Weeds are plant species that are out of place in the natural environment. They can often produce vast quantities of seed which spread across into the natural ecosystem by wind, water, birds (and other animals) and humans.
Many local bushland reserves are under threat from weeds escaping from gardens, with birds eating and spreading the seeds or from vegetation and grass clippings dumped into the bush. Weeds can take hold of an area quickly, impacting local biodiversity by smothering native plants and altering wildlife habitat.
Weed legislation has been reformed, with the NSW Biosecurity Act 2015
replacing the Noxious Weed Act,1993. This Act provides a statutory framework to protect the economy, environment and community from the negative impacts of pests, diseases and weeds.
Weed biosecurity includes:
- preventing the entry of new weeds;
- finding, containing and eradicating emerging weeds; and
- minimising the impacts from weeds that cannot be eradicated.
Weeds are now divided into State, Regional and Local Priority Weeds (formerly referred to as Noxious Weeds). The Greater Sydney Regional Strategic Weed Management Plan 2017 - 2022 identifies State and Regional Priority Weeds and outcomes to demonstrate compliance with the General Biosecurity Duty. Council is a member of the Sydney North Sub Regional Weeds Committee, which coordinates a regional approach to weed management.
Priority Weeds threaten natural biological diversity, human health and property and/or agricultural productivity. Not all weeds identified as Priority Weeds are found in Lane Cove at present, but they have the potential to become serious weeds or are already serious weeds elsewhere in NSW. They are identified so that they can be eradicated or controlled as soon as they appear.
Which species are Priority Weeds?
To view the Priority Weeds list for the Lane Cove Local Government Area and how best to manage them, visit the NSW Department of Primary Industry website
and select 'Lane Cove' in the priority weeds search bar.
Who is responsible for controlling Priority Weeds?
Weeds are everyone's responsibility. Together we can help minimise the harmful impacts of weeds on our environment.
Under the Biosecurity Act 2015, as the Local Control Authority, Council has a legal obligation to manage the biosecurity risk posed to human health, the economy, community and the environment by weeds. Council manages weeds on Council land through its bushland management programs. Council also inspects private land to ensure land owners/managers are carrying out their obligations.
All landowners or land managers have a responsibility to control Priority Weeds on their property, known as a General Biosecurity Duty. If you notice invasive weeds coming up on your property, you will need to control them as soon as possible to prevent them spreading to other properties or into bushland.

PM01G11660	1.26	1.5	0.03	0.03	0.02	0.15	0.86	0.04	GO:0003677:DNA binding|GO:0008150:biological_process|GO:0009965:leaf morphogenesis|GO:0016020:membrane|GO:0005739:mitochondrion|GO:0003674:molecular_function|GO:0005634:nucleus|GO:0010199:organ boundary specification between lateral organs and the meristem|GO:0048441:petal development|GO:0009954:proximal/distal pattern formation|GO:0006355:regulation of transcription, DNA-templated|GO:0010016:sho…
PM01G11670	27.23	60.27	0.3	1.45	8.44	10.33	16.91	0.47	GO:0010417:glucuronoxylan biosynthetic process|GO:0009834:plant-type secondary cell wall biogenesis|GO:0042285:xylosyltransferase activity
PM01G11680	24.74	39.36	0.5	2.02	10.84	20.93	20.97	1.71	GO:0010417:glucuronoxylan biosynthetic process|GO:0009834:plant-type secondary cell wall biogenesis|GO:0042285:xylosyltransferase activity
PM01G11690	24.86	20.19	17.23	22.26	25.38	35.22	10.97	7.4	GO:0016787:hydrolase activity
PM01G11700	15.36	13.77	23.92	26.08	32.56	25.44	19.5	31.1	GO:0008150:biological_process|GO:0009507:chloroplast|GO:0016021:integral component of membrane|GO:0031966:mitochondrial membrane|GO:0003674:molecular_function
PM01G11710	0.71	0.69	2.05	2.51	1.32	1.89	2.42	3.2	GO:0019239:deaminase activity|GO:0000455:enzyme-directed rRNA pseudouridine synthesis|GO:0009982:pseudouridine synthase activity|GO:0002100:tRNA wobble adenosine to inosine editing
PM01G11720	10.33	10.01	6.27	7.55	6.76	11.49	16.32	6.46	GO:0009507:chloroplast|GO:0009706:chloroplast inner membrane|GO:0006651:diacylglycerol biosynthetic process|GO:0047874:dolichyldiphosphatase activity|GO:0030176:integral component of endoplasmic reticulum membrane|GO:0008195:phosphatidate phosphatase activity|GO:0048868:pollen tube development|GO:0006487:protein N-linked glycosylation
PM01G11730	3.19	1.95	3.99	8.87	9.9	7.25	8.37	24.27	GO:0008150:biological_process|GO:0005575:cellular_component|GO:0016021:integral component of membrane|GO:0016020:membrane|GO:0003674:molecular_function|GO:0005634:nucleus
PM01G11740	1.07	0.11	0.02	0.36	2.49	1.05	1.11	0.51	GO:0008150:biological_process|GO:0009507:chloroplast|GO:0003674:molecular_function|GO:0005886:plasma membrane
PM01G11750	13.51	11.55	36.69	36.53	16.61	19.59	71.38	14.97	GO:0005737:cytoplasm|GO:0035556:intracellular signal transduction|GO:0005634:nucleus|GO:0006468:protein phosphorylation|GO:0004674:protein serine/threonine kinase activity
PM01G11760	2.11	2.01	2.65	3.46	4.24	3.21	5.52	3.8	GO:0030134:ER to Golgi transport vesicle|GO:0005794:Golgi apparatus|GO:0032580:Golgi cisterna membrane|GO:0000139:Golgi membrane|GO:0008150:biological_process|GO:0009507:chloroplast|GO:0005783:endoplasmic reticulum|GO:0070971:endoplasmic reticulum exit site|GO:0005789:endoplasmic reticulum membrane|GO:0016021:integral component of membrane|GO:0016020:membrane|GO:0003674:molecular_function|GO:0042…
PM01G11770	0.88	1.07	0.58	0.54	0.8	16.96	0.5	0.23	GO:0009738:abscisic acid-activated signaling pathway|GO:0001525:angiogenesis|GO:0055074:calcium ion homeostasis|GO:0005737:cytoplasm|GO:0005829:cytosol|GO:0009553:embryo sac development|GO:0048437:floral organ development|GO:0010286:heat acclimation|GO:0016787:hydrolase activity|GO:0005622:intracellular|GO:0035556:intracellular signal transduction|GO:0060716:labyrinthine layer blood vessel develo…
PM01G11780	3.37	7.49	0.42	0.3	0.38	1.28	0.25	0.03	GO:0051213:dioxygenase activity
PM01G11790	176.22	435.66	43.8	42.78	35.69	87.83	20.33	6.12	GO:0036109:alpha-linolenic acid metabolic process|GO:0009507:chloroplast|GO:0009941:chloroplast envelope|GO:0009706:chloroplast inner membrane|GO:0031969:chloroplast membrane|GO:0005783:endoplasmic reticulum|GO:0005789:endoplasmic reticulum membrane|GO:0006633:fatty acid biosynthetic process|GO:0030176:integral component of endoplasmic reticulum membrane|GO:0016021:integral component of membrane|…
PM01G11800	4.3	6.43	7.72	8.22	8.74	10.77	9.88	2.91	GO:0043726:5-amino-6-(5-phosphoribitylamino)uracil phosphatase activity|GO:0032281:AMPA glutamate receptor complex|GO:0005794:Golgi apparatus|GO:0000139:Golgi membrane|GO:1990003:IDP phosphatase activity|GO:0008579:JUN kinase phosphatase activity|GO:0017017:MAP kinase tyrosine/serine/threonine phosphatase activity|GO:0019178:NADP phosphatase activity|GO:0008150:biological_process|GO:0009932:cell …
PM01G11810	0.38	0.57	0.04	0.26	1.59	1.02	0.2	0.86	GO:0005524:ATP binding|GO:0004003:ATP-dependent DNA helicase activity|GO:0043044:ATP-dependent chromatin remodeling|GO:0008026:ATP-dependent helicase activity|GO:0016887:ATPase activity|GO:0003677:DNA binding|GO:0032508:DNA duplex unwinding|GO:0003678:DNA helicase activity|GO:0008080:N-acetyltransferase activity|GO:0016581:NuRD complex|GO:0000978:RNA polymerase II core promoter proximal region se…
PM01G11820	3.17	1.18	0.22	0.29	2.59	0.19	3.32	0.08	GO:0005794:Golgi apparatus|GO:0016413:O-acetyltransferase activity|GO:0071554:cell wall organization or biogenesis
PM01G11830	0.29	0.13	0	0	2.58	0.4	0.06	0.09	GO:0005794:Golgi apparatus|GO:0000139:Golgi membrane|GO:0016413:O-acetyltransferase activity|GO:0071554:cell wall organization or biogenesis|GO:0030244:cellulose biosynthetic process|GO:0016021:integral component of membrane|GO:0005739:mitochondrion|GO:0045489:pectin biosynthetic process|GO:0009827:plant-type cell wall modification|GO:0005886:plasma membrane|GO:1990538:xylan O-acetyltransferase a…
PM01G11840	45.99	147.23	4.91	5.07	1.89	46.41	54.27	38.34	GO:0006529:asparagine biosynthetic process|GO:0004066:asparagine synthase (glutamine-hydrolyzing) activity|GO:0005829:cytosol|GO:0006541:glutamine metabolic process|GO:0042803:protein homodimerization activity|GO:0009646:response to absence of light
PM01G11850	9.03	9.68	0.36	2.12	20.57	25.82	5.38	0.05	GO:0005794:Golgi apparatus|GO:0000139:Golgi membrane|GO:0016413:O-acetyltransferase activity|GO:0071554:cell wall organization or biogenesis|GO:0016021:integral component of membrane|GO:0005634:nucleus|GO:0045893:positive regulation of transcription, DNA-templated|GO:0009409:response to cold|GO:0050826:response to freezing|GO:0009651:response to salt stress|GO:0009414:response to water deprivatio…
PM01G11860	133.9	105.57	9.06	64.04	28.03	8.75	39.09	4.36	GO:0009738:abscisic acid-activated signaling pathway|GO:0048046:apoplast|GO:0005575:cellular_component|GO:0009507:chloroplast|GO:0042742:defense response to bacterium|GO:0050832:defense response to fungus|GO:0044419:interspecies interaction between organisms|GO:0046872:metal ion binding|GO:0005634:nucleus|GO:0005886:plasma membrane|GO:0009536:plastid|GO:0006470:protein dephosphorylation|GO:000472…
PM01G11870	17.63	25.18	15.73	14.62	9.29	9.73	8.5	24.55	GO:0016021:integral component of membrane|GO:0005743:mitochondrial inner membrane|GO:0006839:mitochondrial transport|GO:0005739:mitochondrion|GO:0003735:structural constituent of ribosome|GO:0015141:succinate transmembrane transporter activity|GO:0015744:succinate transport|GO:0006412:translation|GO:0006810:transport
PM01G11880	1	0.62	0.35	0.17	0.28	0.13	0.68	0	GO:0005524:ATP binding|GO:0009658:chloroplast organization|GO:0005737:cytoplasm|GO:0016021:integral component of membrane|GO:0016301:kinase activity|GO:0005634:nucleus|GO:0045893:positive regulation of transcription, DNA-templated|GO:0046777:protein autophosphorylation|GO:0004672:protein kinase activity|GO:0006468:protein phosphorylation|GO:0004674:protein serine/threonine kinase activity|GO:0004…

Identifying and Managing Weeds
My neighbour has weeds - what can I do?
The quickest and most effective way of dealing with weed issues on your neighbours' property is to foster good relations with your neighbour and seek to resolve the issues together. If this is not possible, contact Council and an authorised officer will inspect the property to assess whether the plant has legislative requirements to be controlled under the NSW Biosecurity Act 2015. If so, Council can proceed with the matter.
If there are no legislative requirements but the officer deems the plant poses a significant biosecurity risk that can be reasonably and practicably addressed, then the matter can also be taken further. If this is not the case and you still can't resolve the issue with your neighbour, contact NSW Community Justice Centre for free advice and mediation. Taking a neighbour to court should always be a last resort.
If issues between neighbours cannot be resolved through direct engagement or mediation, another avenue is the legislation, Trees (Disputes between neighbours) Act 2006 and its Regulations. This Act sets out the circumstances where the Act applies and provides possible actions. The regulations state that for the purposes of the Act that Bamboo and any plant that is a vine are defined as trees.
Can I get help controlling weeds on my property?
Council Officers can provide information and advice on how to control weeds, however we are unable to undertake works directly on your property. The Australian Association of Bush Regenerators has a list of professional bush regenerators who may be able to help you, or check local newspapers for garden maintenance businesses.
For frail and older people, carers, and people with a disability, Easy Care Gardening provides a subsidised gardening service within the area by teams of willing volunteers.